The Deputy Chairman of the Committee on National Security and Intelligence in the House of Representatives, Adejoro Adeogun, explains the issues with Nigeria’s security architecture in this interview with LEKE BAIYEWU
Many Nigerians are blaming the intelligence community for failing to detect crimes until they are executed, especially with the recent attack on Kuje Prison by terrorists. Who is responsible for this?
If Nigerians blame the intelligence community for failing to detect crimes, they are justified because of the expectation that most of the acts of criminality being perpetrated across the country would be prevented with proper intelligence.
However, there were situations, like the Kuje Prison attack that you mentioned, where early warning intelligence was allegedly received but not acted upon. I read in one of the dailies – a statement attributed to a minister who said there were Department of State Services’ reports of imminent prison break but that the reports did not specify that it would be Kuje.
I considered that excuse untenable, considering that the recipient of the reports could have asked further questions or put two and two together to identify correctional centres with high-profile inmates.
That the correctional service failed to act on available intelligence was indicative of the laxity with which our agencies treat intelligence. So, much as Nigerians are justified in blaming the intelligence community, sometimes the security failures are the outcome of negligence by the recipients of shared intelligence.
Where the intelligence agencies have intelligence about an imminent attack and notify other agencies, but they fail to act on it. What happens?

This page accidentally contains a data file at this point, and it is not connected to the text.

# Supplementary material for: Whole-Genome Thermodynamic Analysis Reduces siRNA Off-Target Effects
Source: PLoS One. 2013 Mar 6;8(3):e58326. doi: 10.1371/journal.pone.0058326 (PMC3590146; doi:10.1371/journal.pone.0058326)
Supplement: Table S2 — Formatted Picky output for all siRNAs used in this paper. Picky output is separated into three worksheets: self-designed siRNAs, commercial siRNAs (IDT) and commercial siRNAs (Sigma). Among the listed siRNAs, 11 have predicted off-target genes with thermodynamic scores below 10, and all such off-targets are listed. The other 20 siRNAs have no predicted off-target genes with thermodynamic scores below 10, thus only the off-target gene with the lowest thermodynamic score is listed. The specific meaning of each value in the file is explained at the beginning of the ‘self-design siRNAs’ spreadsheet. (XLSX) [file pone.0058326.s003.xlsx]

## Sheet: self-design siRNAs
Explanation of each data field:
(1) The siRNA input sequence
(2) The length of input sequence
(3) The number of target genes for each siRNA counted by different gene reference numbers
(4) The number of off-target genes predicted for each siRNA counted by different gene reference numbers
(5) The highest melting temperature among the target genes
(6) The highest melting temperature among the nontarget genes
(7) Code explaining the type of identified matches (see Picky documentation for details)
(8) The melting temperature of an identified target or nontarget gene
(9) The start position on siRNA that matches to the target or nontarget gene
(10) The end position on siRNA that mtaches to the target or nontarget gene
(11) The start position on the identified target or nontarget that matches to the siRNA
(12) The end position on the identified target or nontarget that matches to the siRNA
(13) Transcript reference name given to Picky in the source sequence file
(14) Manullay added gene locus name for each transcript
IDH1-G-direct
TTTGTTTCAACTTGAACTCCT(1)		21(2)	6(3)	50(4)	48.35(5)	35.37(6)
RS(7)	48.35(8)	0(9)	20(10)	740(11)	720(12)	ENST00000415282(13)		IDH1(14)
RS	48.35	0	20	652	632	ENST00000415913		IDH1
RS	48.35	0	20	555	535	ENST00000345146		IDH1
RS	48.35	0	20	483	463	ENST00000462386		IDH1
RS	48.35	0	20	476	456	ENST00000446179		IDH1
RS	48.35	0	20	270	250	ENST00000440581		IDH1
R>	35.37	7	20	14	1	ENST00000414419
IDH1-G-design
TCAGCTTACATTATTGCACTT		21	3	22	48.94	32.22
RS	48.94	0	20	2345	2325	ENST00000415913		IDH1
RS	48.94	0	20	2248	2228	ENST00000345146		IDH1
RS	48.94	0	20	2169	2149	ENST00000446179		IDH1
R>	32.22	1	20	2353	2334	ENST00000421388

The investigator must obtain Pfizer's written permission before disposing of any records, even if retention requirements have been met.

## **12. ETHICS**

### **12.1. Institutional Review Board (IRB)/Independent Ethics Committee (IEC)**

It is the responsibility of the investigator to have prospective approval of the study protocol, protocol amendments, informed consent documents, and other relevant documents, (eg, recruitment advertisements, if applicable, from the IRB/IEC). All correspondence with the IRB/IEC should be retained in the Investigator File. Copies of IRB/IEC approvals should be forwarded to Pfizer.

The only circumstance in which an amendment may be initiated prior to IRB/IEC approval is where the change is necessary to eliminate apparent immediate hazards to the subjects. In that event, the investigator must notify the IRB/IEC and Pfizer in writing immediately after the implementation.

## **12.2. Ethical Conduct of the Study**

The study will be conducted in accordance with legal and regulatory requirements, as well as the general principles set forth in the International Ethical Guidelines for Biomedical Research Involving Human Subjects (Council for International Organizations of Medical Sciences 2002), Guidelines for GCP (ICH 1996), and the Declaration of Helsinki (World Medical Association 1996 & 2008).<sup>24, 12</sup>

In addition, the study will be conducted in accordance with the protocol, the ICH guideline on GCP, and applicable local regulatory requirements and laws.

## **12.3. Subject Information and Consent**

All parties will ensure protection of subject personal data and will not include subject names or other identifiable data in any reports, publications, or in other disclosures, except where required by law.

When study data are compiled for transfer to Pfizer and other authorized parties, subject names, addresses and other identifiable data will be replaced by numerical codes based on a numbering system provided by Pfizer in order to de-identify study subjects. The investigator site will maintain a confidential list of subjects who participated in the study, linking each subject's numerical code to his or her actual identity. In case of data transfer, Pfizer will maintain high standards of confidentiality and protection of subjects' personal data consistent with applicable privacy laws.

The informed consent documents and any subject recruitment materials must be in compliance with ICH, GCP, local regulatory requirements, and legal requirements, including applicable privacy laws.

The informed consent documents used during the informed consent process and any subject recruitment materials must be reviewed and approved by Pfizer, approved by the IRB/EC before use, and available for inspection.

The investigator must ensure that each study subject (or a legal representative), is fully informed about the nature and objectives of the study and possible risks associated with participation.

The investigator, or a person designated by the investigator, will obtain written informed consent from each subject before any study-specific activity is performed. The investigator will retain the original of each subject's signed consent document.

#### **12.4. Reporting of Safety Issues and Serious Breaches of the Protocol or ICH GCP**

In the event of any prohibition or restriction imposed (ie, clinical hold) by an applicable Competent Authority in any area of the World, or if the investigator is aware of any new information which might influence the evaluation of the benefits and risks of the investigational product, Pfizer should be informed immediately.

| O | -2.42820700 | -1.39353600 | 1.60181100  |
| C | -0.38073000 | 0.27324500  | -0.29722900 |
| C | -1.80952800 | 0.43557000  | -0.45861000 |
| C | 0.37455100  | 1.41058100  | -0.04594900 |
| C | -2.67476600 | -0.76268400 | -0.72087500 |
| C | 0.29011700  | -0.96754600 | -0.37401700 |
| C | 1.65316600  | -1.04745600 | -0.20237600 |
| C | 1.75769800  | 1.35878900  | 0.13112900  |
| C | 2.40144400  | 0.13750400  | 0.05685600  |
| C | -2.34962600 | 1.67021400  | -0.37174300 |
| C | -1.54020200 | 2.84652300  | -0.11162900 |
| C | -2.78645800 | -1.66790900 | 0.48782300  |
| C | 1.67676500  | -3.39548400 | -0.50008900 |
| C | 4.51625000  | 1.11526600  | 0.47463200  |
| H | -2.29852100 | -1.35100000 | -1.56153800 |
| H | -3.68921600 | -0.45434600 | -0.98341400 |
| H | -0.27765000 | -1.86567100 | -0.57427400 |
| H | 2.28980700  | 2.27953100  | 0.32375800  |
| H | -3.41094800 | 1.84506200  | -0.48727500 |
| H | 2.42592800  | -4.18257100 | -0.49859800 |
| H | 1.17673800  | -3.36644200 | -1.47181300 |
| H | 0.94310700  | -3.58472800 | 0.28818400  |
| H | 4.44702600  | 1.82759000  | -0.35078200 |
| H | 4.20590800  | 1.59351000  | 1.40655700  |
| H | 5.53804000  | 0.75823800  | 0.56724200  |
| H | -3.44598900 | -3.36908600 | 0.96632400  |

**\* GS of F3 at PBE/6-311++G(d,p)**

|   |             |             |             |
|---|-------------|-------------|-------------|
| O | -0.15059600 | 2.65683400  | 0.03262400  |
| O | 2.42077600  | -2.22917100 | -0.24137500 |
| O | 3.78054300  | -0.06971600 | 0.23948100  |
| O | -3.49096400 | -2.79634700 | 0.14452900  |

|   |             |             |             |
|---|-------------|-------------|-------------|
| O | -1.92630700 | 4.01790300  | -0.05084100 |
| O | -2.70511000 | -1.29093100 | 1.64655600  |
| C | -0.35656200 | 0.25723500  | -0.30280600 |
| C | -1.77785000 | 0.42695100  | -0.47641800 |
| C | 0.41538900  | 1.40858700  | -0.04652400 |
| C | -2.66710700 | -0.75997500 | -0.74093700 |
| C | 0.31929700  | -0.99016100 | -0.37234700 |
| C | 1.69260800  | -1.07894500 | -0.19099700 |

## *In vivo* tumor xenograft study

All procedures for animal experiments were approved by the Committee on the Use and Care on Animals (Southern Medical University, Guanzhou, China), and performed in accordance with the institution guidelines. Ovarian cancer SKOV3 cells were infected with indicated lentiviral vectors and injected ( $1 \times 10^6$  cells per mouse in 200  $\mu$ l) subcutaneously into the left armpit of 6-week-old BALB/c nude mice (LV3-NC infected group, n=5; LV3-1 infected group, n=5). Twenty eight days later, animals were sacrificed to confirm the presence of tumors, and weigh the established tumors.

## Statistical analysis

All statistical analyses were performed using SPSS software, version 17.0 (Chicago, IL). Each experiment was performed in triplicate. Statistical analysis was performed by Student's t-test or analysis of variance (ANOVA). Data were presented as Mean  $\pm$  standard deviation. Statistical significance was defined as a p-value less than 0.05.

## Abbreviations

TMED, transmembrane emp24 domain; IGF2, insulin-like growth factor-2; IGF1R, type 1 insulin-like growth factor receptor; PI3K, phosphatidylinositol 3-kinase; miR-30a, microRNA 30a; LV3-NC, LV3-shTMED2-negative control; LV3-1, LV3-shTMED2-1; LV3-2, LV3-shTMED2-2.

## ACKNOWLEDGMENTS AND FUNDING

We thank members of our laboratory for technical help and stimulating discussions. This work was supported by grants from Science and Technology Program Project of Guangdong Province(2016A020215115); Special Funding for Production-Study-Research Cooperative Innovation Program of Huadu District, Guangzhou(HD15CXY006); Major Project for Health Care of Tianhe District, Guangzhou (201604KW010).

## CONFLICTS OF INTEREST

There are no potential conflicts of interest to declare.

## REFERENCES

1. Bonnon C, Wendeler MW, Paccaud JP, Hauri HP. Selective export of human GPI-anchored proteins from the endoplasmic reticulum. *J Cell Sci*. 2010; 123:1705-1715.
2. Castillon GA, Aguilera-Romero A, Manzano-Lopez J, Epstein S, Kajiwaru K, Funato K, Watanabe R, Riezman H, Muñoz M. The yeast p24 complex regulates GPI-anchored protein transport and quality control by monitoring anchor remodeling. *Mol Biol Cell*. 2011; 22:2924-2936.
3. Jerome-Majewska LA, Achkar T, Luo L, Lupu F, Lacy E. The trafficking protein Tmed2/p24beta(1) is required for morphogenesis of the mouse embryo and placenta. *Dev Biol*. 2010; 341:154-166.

Isn’t the answer obvious? Insecurity is what happens. The question should be ‘why would recipients of intelligence fail to act on it?’ It is due to negligence, poor appreciation of threats, failure to give feedback where intelligence is incomplete, and a lack of synergy between intelligence producers and consumers.
The military and paramilitary agencies often clash in their operations due to overlapping mandates. What are the specific roles of the Defence Intelligence Agency, the National Intelligence Agency, and the Department of State Service in the intelligence community?
These agencies came into being by virtue of the National Security Agencies Act, otherwise known as Decree 19, of June 1986. The Act saddles the DIA with the procurement of intelligence that is military in nature; the NIA with external intelligence just like the American Central Intelligence Agency; and the SSS (State Security Service or DSS) with intelligence that affects the internal security of Nigeria. The roles are well defined, albeit with some overlaps.
If the National Intelligence Agency, DIA, and DSS have overlapping mandates, why can’t Nigeria have a central intelligence agency like the United States of America’s CIA for better coordination of intelligence?